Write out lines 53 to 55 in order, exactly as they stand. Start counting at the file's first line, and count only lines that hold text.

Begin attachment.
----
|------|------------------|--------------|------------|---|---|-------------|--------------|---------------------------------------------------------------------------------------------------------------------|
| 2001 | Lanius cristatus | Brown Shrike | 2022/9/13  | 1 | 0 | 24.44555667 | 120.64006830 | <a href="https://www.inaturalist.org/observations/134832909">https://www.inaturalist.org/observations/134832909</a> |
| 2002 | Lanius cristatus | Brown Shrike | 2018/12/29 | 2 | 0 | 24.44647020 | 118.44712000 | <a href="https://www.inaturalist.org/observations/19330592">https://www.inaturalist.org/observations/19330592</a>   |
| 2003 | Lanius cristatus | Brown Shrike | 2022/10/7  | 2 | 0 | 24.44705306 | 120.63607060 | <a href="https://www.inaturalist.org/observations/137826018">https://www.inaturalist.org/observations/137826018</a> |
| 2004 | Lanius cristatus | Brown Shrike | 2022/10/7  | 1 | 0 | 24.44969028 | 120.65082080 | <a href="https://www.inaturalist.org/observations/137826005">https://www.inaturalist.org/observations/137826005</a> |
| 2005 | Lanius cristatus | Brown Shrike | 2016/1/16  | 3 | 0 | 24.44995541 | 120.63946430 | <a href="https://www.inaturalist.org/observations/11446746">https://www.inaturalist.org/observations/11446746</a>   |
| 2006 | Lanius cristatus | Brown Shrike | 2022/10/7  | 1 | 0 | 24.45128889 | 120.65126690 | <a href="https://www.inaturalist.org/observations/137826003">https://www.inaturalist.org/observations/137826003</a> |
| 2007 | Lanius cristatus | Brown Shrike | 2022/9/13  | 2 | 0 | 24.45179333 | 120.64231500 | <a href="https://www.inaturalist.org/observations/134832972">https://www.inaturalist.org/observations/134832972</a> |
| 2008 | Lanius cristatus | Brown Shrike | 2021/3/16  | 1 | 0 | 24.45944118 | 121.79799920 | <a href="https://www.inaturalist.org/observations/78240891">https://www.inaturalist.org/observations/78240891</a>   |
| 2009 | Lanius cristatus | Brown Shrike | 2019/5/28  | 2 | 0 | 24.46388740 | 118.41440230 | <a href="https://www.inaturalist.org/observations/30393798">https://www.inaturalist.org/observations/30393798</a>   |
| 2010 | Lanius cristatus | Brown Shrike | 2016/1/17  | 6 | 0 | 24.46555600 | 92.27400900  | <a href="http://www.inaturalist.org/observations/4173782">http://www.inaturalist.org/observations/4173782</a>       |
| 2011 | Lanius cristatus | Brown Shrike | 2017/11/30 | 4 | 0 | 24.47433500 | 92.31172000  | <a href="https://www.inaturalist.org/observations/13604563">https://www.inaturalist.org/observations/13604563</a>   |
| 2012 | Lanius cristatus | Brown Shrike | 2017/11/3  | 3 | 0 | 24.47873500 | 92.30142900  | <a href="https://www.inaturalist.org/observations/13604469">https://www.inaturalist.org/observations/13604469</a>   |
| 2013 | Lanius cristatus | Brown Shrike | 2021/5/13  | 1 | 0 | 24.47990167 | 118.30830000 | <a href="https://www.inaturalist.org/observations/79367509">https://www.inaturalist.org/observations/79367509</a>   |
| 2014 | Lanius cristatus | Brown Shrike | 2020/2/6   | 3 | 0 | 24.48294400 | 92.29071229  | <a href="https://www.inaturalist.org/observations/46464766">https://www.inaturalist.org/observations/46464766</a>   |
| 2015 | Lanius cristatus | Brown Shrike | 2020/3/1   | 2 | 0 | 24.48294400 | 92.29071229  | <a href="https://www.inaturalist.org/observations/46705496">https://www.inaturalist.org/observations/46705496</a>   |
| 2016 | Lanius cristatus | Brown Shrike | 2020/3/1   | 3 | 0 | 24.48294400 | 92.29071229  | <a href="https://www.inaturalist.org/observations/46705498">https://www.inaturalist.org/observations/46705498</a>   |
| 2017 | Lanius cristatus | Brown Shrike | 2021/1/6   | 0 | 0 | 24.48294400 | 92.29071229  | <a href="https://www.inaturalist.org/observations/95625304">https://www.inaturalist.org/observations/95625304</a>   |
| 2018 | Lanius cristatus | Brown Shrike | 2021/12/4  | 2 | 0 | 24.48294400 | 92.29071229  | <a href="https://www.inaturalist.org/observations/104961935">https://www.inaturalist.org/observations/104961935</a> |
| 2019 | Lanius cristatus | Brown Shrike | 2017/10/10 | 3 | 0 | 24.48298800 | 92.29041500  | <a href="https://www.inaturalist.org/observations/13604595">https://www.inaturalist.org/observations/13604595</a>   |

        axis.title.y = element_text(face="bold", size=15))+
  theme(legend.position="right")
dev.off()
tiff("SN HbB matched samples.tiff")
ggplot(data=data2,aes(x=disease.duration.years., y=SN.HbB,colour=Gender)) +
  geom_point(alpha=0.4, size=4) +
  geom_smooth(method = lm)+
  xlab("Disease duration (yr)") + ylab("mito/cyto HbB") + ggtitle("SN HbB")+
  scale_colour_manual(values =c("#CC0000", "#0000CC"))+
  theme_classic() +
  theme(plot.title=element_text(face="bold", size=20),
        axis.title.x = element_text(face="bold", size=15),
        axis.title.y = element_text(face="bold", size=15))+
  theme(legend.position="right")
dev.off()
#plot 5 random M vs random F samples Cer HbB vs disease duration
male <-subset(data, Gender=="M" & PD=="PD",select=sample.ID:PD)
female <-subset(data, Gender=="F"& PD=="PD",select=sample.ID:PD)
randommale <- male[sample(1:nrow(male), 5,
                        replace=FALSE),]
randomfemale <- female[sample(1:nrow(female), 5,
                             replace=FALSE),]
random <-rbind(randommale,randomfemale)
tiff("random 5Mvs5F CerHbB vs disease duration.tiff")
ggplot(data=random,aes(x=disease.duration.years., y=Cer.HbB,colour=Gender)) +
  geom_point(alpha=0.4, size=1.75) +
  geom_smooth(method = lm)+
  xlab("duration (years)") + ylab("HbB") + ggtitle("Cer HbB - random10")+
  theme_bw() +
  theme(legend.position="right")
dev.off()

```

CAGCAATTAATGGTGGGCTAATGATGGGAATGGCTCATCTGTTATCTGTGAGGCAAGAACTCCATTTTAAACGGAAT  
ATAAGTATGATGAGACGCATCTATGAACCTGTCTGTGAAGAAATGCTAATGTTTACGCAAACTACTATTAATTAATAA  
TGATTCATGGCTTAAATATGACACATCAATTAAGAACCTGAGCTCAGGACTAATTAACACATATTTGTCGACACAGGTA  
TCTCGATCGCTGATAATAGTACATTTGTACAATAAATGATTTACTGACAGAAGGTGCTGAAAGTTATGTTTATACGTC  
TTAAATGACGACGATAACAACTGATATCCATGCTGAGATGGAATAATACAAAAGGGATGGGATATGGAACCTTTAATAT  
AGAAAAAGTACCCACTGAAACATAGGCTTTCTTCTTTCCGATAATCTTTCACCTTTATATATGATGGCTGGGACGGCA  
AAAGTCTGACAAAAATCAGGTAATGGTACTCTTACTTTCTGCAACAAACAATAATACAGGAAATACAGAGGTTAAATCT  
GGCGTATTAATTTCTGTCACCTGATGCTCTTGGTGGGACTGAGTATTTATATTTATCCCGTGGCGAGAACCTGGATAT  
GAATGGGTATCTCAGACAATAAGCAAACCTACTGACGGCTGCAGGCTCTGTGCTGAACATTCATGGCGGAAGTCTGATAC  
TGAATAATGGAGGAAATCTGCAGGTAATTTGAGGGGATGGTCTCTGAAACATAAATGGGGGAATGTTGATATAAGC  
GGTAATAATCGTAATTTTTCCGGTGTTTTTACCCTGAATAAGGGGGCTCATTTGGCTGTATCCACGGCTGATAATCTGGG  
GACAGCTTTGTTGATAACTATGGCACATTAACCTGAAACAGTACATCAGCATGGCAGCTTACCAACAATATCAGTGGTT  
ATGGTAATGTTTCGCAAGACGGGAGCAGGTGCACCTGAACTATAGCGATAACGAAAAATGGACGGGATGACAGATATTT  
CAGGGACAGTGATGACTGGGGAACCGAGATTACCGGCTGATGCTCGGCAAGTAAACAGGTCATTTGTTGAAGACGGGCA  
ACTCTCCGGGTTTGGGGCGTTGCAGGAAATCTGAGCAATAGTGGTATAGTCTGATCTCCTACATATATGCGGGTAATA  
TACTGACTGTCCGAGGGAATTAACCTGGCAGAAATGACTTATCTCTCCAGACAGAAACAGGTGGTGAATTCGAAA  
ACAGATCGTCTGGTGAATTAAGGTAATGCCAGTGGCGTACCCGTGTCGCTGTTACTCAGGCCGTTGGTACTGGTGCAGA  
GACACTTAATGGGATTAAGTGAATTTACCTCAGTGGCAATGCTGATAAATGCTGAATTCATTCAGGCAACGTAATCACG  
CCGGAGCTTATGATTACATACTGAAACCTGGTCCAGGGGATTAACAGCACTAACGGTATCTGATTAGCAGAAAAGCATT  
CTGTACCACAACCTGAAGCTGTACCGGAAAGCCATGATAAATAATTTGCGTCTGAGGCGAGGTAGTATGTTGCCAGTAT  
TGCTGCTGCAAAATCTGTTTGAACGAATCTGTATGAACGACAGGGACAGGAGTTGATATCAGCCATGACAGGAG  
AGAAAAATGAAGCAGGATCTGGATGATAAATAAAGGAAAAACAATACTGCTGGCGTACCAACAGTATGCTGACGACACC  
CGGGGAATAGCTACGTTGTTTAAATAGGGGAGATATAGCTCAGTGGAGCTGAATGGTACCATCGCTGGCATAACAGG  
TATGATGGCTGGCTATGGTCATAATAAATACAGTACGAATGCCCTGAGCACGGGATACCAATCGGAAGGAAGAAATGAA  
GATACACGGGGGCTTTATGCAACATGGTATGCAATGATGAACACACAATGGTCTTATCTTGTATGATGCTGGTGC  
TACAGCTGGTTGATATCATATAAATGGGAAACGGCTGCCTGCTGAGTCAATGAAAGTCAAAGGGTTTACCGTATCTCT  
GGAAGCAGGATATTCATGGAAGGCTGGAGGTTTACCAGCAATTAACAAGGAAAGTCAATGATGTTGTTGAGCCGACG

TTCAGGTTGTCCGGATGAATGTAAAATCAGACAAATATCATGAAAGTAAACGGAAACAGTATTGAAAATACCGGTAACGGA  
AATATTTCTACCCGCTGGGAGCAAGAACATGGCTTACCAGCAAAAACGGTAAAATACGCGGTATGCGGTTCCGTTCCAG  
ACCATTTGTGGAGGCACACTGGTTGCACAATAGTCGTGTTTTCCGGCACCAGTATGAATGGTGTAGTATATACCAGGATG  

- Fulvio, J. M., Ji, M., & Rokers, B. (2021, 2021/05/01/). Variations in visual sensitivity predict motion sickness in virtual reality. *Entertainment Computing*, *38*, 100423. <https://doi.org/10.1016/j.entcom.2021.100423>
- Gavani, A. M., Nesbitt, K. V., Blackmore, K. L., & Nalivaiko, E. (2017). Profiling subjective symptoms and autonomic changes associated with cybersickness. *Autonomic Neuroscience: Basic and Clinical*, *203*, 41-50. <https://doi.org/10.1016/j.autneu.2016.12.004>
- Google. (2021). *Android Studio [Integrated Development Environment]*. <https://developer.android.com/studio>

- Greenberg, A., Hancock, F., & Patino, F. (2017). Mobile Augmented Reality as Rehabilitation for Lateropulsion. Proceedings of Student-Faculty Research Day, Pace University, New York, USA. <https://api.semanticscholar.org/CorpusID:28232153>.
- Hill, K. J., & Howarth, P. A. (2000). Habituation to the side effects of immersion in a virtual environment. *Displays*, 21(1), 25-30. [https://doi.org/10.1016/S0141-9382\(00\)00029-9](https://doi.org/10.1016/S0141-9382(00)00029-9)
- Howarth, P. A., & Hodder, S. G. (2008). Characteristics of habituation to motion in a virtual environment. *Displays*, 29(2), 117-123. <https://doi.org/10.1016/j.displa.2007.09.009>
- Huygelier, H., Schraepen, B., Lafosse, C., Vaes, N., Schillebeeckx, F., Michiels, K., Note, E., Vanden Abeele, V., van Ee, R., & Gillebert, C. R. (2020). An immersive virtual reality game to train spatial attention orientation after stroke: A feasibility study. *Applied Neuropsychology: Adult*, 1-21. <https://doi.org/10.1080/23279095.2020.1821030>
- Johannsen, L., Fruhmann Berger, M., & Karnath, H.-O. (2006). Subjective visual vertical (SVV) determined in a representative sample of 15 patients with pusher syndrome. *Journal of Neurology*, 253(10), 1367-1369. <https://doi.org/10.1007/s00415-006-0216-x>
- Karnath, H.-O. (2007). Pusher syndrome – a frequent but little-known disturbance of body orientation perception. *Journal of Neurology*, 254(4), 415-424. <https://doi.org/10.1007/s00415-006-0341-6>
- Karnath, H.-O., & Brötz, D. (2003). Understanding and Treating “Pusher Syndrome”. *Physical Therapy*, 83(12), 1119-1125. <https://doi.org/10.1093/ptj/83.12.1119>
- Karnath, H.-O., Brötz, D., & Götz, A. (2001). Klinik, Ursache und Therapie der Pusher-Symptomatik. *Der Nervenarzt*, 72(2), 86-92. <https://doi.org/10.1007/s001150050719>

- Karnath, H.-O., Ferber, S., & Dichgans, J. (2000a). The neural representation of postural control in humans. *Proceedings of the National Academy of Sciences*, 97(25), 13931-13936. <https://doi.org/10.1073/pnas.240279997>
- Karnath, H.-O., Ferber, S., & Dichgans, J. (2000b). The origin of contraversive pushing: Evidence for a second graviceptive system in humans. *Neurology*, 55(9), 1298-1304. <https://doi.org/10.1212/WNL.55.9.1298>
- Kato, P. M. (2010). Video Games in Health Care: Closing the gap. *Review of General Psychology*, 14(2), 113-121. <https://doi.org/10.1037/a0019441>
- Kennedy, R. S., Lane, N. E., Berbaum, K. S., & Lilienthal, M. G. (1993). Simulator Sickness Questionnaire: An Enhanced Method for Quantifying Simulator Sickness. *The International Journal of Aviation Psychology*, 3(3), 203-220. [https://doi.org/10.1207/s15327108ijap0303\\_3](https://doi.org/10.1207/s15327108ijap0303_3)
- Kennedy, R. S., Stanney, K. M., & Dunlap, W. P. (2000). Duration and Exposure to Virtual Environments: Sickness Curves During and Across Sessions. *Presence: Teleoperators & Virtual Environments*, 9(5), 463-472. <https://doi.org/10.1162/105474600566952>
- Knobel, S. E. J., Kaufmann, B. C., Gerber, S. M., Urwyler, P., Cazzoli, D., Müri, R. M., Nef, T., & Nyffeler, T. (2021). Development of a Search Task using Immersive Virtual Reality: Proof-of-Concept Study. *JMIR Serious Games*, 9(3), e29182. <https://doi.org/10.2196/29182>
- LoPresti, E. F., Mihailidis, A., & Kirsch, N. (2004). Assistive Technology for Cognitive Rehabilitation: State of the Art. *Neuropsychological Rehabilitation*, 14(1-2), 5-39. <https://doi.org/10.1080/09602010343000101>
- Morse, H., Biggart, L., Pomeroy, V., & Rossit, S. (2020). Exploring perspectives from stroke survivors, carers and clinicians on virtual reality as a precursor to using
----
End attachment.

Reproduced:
CAGCAATTAATGGTGGGCTAATGATGGGAATGGCTCATCTGTTATCTGTGAGGCAAGAACTCCATTTTAAACGGAAT  
ATAAGTATGATGAGACGCATCTATGAACCTGTCTGTGAAGAAATGCTAATGTTTACGCAAACTACTATTAATTAATAA  
TGATTCATGGCTTAAATATGACACATCAATTAAGAACCTGAGCTCAGGACTAATTAACACATATTTGTCGACACAGGTA  